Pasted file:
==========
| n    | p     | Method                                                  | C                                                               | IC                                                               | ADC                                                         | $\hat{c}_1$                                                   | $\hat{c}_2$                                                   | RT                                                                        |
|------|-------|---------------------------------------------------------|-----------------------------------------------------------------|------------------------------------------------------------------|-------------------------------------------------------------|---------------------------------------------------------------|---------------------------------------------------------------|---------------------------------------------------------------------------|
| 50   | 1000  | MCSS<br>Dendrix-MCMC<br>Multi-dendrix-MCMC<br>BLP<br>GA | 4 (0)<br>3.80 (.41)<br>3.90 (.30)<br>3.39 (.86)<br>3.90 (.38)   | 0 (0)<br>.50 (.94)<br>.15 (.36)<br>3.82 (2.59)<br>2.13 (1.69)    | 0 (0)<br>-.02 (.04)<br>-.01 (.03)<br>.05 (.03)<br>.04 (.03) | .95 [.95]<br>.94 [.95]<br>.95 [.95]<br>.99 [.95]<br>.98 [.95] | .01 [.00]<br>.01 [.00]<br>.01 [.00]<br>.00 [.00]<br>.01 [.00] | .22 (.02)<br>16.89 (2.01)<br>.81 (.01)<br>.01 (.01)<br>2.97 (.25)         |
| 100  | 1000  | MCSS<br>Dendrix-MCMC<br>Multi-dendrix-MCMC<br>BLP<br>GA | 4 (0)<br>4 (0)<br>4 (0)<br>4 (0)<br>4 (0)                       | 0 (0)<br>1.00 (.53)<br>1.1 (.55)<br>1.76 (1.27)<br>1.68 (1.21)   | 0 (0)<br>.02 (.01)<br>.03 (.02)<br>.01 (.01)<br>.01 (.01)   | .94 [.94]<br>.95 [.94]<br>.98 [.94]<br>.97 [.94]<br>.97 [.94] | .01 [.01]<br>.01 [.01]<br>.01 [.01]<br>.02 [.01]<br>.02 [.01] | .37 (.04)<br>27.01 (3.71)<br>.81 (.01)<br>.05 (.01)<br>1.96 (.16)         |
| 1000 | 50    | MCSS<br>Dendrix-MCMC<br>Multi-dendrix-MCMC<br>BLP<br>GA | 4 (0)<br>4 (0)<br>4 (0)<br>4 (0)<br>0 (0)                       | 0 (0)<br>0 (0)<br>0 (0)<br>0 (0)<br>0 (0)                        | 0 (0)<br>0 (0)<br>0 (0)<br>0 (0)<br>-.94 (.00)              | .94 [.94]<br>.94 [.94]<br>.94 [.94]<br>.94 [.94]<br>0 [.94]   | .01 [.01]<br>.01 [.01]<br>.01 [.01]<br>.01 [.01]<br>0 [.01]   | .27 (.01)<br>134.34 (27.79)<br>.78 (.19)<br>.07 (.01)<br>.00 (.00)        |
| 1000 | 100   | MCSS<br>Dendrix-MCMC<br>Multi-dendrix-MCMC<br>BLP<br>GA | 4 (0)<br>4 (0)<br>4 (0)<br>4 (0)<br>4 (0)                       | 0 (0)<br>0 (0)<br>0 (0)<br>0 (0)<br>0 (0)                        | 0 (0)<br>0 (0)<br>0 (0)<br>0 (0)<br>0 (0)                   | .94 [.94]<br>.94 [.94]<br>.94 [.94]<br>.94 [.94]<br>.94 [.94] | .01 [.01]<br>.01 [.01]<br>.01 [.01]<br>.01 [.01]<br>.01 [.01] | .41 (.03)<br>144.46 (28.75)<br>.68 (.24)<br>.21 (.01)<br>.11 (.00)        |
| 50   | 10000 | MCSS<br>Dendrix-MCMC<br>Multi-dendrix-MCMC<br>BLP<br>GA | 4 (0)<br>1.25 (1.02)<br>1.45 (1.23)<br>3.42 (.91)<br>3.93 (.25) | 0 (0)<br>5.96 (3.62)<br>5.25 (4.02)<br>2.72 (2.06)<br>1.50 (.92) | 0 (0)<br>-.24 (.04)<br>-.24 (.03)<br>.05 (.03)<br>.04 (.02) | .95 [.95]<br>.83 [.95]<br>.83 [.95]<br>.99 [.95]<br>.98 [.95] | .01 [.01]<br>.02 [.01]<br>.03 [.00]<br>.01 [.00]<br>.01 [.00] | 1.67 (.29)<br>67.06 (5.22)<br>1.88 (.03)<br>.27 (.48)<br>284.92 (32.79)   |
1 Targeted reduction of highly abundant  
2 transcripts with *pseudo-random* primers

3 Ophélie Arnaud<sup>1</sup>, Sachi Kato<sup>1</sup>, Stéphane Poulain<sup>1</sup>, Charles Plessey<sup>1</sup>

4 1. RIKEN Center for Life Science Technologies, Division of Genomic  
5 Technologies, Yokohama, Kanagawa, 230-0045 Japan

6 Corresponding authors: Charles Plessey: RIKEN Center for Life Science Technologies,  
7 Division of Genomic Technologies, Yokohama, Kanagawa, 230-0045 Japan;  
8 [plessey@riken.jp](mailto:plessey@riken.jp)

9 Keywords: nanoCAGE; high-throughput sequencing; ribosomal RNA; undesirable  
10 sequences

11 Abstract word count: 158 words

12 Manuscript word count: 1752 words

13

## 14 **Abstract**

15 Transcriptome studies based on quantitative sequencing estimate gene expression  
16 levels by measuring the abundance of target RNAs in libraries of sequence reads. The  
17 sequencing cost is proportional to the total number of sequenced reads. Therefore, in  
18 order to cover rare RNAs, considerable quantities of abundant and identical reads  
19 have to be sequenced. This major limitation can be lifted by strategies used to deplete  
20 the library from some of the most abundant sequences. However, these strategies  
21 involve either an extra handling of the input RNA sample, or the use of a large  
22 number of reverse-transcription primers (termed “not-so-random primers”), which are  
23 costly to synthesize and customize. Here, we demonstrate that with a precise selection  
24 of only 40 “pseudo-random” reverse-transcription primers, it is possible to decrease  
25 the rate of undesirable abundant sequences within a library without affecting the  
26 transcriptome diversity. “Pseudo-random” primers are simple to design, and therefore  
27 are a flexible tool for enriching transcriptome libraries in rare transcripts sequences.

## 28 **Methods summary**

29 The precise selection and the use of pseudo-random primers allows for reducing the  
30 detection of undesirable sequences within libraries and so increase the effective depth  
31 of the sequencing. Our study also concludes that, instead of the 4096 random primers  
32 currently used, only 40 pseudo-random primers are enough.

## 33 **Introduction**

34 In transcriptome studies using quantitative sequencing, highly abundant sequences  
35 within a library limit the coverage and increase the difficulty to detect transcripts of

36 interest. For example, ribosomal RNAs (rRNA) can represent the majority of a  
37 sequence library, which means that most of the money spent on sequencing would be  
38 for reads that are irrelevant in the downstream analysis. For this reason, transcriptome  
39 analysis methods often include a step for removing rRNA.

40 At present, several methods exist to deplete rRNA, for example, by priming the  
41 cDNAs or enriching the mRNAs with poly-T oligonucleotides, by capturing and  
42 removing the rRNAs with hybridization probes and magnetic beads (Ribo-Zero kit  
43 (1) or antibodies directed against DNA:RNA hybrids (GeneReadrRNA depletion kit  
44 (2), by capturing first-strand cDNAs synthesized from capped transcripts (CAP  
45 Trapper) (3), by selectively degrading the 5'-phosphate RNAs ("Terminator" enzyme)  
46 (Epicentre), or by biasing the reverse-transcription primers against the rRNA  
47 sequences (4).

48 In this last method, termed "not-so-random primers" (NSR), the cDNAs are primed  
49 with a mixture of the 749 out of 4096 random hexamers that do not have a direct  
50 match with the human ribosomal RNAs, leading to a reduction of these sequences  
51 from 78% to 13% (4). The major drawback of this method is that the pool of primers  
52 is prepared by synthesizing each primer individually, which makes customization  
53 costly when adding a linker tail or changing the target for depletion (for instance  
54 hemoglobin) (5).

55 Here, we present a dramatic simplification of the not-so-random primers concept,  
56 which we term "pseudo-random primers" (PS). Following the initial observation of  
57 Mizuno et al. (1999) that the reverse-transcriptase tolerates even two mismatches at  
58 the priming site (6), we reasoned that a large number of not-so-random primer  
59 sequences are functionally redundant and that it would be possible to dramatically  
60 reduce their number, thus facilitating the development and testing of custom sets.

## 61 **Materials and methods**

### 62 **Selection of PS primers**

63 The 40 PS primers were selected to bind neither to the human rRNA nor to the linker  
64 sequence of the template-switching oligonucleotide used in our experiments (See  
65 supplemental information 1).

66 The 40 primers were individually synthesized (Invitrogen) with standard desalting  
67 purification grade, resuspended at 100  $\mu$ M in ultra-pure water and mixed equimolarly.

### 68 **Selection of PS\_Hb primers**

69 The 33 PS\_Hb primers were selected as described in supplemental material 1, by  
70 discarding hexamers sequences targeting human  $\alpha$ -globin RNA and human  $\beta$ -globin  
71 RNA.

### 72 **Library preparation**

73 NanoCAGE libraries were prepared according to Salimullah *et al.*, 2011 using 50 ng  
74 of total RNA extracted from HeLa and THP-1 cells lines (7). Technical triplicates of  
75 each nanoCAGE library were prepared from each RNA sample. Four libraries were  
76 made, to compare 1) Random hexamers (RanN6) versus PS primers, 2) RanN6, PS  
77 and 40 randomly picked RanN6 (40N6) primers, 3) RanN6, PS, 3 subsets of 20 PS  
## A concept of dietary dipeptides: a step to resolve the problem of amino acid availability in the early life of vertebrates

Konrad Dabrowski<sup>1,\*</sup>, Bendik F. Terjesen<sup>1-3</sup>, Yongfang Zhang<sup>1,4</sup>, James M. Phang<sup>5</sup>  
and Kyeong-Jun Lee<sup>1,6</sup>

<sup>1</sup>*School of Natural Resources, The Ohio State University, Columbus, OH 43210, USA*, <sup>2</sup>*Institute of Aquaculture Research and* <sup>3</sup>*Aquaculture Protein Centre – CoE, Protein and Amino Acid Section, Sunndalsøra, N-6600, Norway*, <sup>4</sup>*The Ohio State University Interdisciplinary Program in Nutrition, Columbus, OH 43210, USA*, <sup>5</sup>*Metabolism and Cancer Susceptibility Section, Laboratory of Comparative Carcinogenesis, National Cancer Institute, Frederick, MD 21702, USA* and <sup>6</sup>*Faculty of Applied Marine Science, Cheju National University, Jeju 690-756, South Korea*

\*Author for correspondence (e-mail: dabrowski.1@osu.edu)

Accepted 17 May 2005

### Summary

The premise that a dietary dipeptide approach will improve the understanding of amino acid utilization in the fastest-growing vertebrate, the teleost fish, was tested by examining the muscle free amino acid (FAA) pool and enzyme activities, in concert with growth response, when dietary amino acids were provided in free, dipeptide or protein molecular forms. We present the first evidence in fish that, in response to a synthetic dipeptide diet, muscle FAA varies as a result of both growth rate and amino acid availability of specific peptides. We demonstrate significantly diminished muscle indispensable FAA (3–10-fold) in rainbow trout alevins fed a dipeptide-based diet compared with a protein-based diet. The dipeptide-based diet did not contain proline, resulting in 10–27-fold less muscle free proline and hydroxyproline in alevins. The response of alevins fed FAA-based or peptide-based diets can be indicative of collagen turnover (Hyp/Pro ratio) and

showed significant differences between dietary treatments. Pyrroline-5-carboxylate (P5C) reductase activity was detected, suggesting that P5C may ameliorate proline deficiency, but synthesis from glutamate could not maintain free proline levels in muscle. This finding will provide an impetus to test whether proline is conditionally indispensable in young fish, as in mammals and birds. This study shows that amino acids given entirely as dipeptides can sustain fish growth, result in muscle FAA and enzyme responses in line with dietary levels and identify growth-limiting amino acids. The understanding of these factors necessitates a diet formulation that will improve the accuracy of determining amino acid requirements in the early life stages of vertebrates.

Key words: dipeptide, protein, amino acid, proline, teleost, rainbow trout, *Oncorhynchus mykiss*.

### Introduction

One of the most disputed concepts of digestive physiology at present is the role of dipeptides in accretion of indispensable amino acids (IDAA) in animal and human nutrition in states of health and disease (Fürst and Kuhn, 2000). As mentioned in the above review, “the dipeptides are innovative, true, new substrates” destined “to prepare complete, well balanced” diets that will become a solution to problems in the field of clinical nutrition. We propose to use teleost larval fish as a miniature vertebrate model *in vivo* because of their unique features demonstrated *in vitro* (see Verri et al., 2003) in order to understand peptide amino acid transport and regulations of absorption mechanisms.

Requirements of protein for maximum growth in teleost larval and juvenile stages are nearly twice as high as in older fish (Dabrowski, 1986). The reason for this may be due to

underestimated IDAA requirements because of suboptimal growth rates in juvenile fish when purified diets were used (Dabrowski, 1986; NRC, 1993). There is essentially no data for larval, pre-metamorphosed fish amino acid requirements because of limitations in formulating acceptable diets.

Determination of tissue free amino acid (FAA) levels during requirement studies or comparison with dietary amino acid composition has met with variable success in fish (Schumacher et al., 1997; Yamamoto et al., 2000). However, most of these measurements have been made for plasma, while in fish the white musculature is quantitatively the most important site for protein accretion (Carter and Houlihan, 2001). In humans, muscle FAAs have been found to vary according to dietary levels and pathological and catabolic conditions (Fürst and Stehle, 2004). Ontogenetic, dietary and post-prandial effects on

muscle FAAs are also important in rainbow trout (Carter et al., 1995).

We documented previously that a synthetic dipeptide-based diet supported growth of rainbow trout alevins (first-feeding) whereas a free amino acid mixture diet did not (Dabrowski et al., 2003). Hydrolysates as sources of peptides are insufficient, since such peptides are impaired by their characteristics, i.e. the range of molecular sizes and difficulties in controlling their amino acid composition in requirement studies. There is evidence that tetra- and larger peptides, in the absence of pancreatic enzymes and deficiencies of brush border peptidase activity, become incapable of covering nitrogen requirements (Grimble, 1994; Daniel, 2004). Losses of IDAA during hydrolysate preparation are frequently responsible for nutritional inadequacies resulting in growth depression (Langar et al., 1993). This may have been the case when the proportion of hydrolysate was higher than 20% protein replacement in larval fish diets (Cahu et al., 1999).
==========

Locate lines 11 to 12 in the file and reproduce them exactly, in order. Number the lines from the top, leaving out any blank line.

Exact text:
4 1. RIKEN Center for Life Science Technologies, Division of Genomic  
5 Technologies, Yokohama, Kanagawa, 230-0045 Japan